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International Archives of
Oral and Maxillofacial Surgery
RESEARCH ARTICLE | VOLUME 1, ISSUE 1 | OPEN ACCESS

Virtually Planned Surgical Guides to Optimize Orthognathic Surgery

Leandro dos Santos Bicallho1, Camila Magalhães Cardador2, Devid Ribeiro Zille1, João Paulo Figueiró Longo3 and Rander Pereira Avelar1

1CPMH-Comércio e Indústria de Produtos Médico-Hospitalares e Odontológicos, Brazil

2Department of Nanodynamics, Innovation and Consulting, Brasília, Brazil

3Department of Genetics and Morphology, Institute of Biological Sciences, University of Brasilia, Brasilia, Brazil

*Corresponding author: Joao Paulo Figueiro Longo, PhD, Professor, Department of Genetics and Morphology, Institute of Biological Sciences, University of Brasília, Brasilia, Brazil, Tel: +55-613-107-3087, Fax: +55-618-143-2755, E-mail: jplongo82@gmail.com

Received: June 19, 2017 | Accepted: August 28, 2017 | Published: August 31, 2017

Citation: Bicallho LS, Cardador CM, Zille DR, Longo JPF, Avelar RP (2017) Virtually Planned Surgical Guides to Optimize Orthognathic Surgery. Int Arch Oral Maxillofac Surg 1:002.

Copyright: © 2017 Bicallho LS, et al. This is an open-access article distributed under the terms of the Creative Commons Attribution License, which permits unrestricted use, distribution, and reproduction in any medium, provided the original author and source are credited.

Abstract


This article aims to introduce a brief in vitro report on development of surgical guides planned virtually for orthognathic surgery and its validation. Orthognathic surgery is a process first developed back on 19th century, and its methods have been updated ever since. The aim of the surgery is to reposition the jaw to achieve an ideal dental occlusion and facial symmetry. Traditionally, planning was conducted by a set of clinical and dental models, using mechanical articulators and analysis that allowed a simulation of what would be an ideal repositioning of the facial skeleton, but there are many problems with this method, resulting in a less desirable surgical outcome. With the development of Computer Tomography Scans (CT), patient's 3D representations were available and allowed surgeons to analyze anatomical patterns of patients in a customized way. Added to that, imaging software tools enabled the clinicians to investigate and analyze the procedures that needed to be made in a much more accurate way than the one done conventionally. This virtual planning was translated to surgical execution due to the development of 3D printers, which granted the production of surgical guides that allowed the execution of orthognathic osteotomies at the anatomical position planned virtually since it's an accurate and fast method of manufacturing splints for orthognathic surgeries. Thus, we present in this report a proof of concept for 3D virtual planning and maxilla repositioning in an experimental set-up with accuracy for the positional differences between the planned and postoperative outcomes less that 0.53 mm.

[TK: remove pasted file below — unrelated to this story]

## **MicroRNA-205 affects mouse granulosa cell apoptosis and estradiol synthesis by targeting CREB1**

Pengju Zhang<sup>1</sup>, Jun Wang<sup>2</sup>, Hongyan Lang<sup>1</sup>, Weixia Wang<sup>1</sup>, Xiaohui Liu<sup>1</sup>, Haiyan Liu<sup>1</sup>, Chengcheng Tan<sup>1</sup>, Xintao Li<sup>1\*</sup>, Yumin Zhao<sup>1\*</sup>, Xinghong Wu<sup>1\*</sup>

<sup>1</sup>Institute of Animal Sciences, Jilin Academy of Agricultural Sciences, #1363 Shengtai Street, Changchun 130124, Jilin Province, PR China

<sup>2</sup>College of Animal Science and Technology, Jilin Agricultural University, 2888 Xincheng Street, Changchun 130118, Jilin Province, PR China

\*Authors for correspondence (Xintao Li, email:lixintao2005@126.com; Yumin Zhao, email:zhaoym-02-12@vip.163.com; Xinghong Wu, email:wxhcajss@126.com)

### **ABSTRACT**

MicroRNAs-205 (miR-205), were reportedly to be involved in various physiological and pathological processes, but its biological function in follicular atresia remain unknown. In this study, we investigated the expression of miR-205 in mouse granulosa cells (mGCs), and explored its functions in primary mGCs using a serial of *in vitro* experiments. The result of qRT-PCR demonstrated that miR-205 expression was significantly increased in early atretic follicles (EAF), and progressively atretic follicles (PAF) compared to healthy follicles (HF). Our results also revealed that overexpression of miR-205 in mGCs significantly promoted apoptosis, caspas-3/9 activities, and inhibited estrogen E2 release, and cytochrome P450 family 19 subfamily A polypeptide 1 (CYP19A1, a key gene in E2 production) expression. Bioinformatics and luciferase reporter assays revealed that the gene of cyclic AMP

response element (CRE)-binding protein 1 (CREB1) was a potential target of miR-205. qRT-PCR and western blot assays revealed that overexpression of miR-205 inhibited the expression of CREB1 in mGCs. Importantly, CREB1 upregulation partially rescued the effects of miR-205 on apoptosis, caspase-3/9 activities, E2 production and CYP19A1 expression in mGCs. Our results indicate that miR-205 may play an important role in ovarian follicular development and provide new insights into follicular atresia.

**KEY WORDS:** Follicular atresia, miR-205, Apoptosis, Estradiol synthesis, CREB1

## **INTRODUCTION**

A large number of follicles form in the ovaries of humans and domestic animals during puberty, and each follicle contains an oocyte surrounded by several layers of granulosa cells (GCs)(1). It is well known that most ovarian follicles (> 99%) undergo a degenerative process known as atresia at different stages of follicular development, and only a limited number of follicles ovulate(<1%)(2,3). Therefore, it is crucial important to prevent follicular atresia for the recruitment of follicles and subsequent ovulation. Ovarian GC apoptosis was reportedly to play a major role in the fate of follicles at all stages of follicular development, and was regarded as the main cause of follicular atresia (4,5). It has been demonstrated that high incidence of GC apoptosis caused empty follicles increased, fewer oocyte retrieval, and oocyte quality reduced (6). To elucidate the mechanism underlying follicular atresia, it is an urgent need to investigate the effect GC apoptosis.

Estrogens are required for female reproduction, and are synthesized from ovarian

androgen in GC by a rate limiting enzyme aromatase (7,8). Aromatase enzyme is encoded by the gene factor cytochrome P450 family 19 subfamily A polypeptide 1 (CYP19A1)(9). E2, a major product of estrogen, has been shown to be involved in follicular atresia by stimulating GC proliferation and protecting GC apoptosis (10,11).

Keywords


Orthognathic, Surgery, Virtual, Planning, 3D printing, Guides

Purpose


To present a proof of concept for 3D virtual planning and maxilla repositioning in an experimental set-up with accuracy for the positional differences between the planned and postoperative outcomes less that 0.53 mm.

Background